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Monthly Archives: April 2014

Labor Day

Labor Day film posterSynopsis

Kate Winslet is a lone mother with her son.  She seems to be suffering from agrophobia, she can’t get out of the house confidently.  Her son Henry (Gattlin Griffin) takes her to the supermarket where Josh Brolin (playing Frank) kidnaps the pair and force them to take him home.  He’s a fugitive from jail and they must harbour him.  Eventually Winslet and Brolin build up trust then love, but they must leave so as to get away from neighbours and police.  They pack up for Canada, will they get away?

Review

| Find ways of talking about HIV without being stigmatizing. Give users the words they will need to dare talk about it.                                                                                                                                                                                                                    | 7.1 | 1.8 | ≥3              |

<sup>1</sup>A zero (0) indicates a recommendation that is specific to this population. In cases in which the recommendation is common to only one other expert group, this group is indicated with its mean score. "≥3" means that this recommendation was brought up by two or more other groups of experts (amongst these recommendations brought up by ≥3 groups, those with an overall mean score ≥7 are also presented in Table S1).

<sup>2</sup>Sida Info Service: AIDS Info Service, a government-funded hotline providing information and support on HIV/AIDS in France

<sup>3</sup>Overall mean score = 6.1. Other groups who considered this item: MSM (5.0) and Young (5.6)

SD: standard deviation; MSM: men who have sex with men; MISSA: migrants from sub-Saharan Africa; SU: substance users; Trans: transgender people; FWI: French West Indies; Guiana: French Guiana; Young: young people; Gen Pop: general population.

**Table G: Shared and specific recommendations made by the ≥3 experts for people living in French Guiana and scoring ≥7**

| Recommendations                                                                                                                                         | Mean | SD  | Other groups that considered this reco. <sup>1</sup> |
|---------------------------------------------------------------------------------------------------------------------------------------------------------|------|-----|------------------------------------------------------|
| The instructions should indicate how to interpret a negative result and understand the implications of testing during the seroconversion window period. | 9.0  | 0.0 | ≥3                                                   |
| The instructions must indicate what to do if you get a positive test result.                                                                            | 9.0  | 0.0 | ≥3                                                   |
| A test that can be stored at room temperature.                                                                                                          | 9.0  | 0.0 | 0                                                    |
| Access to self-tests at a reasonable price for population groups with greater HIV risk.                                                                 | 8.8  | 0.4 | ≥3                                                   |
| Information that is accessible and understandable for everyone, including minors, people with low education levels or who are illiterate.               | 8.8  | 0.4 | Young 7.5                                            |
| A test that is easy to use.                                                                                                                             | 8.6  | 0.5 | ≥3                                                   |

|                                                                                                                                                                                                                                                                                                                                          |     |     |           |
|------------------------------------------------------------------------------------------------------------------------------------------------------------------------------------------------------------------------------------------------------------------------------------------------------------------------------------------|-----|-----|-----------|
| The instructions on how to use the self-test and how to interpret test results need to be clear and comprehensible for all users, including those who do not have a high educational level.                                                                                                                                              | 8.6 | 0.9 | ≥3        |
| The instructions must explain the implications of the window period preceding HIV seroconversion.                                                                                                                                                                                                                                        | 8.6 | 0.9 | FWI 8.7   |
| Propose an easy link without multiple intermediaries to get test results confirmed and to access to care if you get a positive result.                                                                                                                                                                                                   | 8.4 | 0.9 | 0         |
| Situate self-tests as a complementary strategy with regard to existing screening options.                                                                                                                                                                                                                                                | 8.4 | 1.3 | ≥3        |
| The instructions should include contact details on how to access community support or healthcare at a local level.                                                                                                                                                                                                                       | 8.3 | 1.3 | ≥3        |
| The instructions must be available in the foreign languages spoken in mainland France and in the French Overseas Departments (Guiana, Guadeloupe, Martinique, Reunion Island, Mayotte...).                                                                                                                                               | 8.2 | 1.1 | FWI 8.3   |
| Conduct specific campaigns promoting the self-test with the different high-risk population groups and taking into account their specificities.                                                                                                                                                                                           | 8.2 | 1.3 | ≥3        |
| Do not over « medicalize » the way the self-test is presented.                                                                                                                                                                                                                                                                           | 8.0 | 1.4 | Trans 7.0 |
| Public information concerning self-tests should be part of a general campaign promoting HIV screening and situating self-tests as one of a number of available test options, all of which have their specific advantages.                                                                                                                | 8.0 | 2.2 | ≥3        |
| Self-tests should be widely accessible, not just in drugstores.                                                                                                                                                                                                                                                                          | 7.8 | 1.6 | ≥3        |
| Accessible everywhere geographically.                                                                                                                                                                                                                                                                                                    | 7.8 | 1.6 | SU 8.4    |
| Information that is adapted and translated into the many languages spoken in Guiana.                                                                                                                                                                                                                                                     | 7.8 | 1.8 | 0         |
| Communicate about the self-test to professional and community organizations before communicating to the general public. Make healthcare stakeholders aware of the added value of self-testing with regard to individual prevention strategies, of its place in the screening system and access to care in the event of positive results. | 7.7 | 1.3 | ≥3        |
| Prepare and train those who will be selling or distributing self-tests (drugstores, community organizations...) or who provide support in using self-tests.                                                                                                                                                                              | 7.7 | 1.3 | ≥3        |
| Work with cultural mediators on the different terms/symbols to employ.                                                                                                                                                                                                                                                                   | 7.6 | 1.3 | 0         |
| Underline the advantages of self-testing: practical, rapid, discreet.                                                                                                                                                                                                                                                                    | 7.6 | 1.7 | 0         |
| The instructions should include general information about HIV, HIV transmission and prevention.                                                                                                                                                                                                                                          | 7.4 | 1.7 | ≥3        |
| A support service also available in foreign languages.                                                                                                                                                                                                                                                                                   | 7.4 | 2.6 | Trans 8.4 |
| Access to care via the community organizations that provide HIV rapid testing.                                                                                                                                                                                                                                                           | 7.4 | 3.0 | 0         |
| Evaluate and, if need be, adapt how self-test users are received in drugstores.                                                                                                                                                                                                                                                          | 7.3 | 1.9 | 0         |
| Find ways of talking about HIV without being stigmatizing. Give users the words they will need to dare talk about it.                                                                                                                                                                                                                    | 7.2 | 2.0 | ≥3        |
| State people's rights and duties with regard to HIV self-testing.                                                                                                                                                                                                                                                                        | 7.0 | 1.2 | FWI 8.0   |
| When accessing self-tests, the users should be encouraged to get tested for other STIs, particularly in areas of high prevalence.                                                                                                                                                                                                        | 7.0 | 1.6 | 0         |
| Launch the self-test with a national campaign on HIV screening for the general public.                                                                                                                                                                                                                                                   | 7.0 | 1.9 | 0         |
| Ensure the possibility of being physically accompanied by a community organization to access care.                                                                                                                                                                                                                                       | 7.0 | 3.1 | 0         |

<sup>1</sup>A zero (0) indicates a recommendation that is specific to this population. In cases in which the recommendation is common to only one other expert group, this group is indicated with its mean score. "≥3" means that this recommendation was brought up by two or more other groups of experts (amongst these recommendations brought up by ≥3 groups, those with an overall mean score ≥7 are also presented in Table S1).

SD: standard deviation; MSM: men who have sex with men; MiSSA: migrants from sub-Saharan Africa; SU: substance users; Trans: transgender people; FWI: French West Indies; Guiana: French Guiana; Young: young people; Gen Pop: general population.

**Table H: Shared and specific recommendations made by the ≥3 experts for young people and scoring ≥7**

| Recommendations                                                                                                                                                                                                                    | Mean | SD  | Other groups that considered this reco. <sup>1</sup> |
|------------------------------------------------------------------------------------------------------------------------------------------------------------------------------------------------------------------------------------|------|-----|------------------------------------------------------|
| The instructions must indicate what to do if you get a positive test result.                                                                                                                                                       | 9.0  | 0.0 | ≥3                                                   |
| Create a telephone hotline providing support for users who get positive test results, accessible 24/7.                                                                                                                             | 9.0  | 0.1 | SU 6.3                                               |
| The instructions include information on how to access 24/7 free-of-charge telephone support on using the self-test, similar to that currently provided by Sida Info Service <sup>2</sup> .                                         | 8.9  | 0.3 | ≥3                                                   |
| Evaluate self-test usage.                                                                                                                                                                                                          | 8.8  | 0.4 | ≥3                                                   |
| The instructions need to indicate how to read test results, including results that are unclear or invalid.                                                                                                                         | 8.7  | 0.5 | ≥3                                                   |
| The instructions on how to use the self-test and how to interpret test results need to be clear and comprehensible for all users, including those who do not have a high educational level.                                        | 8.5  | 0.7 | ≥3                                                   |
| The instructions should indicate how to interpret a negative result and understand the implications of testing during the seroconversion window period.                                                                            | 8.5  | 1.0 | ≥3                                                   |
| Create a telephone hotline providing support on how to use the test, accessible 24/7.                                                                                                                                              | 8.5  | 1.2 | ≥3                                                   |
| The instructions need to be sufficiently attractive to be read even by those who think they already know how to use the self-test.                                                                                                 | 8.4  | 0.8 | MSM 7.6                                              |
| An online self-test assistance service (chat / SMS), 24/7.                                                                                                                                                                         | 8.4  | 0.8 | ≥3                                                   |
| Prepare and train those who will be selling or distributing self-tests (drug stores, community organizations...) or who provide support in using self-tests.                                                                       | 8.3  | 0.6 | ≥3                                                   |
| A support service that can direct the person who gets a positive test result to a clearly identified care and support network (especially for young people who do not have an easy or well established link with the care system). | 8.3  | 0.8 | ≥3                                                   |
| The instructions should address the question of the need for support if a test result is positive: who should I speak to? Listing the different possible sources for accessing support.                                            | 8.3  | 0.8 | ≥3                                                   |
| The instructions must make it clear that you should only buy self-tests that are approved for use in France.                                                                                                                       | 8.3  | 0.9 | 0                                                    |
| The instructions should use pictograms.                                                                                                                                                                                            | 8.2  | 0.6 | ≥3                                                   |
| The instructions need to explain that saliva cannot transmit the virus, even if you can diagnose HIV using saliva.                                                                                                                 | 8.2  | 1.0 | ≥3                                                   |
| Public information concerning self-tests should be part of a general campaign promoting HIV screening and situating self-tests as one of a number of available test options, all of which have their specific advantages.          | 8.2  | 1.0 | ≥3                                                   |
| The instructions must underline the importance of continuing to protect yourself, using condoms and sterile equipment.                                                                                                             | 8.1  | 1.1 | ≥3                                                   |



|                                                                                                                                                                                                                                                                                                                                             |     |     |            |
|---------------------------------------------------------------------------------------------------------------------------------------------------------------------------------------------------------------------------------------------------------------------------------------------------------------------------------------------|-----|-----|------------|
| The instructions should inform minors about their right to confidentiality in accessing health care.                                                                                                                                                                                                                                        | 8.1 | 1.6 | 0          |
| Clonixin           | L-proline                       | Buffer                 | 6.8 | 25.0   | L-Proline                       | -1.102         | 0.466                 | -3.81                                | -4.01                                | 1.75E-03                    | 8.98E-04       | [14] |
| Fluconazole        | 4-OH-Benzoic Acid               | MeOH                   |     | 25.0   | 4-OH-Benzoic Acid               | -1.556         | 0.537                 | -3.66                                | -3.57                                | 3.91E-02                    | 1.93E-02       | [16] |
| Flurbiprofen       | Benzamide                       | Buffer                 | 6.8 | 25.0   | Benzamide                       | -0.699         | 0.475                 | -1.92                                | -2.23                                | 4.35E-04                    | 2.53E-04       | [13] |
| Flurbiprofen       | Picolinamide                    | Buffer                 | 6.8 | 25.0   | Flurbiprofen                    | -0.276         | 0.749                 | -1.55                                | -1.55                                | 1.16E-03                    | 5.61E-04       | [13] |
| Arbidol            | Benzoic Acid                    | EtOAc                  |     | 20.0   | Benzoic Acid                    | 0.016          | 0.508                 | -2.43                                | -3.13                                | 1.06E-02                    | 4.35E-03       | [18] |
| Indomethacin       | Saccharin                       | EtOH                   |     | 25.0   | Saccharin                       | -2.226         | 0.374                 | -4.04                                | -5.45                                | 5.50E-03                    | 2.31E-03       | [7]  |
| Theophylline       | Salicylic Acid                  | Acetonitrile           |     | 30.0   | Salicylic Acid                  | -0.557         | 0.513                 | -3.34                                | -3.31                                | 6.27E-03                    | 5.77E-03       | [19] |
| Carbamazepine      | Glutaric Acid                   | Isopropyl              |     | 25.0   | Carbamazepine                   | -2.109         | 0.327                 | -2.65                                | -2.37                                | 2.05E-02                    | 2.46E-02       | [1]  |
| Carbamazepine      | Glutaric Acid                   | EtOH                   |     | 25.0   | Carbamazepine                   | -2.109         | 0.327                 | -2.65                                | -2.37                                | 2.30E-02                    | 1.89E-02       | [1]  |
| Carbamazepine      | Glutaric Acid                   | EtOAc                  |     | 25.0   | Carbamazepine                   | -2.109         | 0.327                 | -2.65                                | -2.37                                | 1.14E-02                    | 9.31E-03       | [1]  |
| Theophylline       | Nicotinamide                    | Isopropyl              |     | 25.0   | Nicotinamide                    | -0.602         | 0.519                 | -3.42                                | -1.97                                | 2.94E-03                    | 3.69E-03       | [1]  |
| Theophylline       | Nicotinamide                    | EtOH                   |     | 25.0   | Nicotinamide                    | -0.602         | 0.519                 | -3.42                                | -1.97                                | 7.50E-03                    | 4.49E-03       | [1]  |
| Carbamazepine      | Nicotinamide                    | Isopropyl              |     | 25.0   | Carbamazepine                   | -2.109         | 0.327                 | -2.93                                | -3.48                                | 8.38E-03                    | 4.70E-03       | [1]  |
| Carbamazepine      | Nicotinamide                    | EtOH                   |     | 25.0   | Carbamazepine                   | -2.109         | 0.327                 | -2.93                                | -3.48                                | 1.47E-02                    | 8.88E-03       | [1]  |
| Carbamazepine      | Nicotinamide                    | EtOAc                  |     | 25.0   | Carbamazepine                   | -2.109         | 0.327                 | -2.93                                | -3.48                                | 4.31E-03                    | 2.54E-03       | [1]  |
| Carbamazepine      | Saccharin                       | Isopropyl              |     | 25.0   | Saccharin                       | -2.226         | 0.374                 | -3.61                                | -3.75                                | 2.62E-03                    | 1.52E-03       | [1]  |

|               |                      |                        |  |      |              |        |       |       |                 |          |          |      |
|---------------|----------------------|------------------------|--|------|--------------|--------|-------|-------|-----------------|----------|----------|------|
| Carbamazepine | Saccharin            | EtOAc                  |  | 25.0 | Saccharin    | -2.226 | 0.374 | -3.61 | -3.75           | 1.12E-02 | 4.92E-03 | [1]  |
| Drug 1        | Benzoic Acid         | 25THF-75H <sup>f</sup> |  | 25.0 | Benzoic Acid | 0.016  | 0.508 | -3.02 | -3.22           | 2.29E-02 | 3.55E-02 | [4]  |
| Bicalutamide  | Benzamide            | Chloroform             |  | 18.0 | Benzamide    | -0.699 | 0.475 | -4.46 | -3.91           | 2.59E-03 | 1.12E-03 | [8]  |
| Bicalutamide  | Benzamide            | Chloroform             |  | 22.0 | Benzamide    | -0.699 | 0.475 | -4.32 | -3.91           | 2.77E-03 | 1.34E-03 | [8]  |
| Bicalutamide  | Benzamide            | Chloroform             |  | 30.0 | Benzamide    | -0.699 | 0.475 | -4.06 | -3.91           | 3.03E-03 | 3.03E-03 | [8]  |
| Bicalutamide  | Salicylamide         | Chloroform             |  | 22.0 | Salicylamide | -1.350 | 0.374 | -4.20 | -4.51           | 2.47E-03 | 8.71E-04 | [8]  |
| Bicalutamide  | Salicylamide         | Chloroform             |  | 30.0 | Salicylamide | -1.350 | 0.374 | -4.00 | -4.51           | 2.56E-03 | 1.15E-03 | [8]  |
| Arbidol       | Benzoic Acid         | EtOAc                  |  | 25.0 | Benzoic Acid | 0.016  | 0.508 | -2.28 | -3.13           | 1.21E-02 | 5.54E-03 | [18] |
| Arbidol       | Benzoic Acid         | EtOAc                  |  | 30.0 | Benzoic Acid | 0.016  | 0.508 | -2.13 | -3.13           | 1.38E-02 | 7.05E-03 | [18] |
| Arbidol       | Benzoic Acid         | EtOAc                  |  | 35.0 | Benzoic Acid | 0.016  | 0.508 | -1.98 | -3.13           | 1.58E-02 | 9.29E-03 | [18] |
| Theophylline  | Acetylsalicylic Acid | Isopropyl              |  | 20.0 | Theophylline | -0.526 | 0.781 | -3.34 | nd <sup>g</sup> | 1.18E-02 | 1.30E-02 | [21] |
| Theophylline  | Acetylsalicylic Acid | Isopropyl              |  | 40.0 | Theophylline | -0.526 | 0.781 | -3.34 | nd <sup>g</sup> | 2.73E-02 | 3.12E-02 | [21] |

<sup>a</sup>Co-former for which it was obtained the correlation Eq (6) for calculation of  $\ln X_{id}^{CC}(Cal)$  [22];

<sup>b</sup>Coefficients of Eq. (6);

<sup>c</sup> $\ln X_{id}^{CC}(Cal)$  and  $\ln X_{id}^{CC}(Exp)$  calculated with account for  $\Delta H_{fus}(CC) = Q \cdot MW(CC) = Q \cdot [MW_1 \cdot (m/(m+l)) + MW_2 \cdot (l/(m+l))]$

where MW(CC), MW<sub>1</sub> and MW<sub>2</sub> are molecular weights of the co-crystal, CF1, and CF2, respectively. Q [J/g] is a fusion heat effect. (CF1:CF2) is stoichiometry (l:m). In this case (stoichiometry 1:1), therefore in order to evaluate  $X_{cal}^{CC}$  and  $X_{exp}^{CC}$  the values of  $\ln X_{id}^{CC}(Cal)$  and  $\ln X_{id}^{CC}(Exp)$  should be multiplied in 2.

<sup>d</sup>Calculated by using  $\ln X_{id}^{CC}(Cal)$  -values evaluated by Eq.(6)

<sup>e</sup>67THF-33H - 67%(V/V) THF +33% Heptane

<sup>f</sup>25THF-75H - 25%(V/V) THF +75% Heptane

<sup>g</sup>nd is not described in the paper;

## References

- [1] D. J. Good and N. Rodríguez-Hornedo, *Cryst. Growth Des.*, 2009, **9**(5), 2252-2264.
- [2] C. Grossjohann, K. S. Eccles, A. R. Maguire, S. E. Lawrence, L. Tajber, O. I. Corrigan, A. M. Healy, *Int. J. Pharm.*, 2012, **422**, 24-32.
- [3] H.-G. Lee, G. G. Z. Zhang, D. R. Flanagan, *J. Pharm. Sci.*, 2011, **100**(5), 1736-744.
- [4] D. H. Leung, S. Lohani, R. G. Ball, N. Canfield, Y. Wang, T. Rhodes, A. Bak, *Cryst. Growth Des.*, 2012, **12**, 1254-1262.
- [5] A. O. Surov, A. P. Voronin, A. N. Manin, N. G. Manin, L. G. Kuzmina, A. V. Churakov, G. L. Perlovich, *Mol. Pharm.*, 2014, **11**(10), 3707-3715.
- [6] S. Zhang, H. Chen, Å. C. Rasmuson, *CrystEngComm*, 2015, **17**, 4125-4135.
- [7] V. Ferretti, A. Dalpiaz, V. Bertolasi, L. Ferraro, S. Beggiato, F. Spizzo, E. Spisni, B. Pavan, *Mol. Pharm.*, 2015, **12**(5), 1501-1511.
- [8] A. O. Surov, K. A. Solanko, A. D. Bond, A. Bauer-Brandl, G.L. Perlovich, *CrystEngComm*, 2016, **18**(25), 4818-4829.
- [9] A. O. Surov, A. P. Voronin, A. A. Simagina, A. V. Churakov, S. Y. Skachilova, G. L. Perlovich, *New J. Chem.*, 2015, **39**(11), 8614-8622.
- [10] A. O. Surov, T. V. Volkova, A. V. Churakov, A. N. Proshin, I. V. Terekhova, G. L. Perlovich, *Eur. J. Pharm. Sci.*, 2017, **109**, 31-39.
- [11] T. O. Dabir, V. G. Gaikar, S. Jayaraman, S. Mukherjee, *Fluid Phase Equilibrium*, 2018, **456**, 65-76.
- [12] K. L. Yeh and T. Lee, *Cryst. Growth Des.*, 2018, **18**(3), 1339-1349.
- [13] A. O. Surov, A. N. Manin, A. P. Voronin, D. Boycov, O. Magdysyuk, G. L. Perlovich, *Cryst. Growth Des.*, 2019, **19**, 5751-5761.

The critics have been dismissive about this and one can see why, it’s all rather hokey and unrealistic.  This guy is too good to be true, he fixes things around the house, he is a good nurse to a visiting disabled boy.  In one scene it’s all hilariously reminiscent of that clay pot making episode with Patrick Swayze and Demi Moore in Ghost.  This time Brolin teaches Winslet how to make a peach pie, and what he does with the peaches is as ambitiously sensual as what Swayze did with the clay.  Okay, so it’s all what might be some women’s fantasy: the strong capable guy around the house.  There are erotic nuances except the business of masterfully doing what needs to be done.  The boy is initially hostile but is won over by their domestic bliss.  In spite of this, I did quite like the film because it’s closer to the spirit of David Janssen’s Fugitive TV series from the 60s, than the Harrison Ford Fugitive film is.  I’m a fan of Janssen’s fugitive who was essentially a Christlike figure: wrongfully accused of murdering his wife and leading often corrupt and wicked ‘law abiding’ folk on the right path.  In each episode the innocent Richard Kimble is on the run and has to  battle betrayal to the pursuing law enforcer Gerard.  Brolin’s fugitive is similarly a strong decent guy whose misfortunes expose the shortcomings of others.  His behaviour has the tense rationality of the cornered decency.  There is nothing superfluous in the plot and Winslet is good at tightly controlling the emotional turmoil, she could have been hammy but she isn’t.  Hers and Brolin’s is a happy partnership, unlike her disastrous marriage with Leonardro di Caprio in Revolutionary Road.  It’s the unpromising start that blossoms into love.  Sentimental but quite watchable..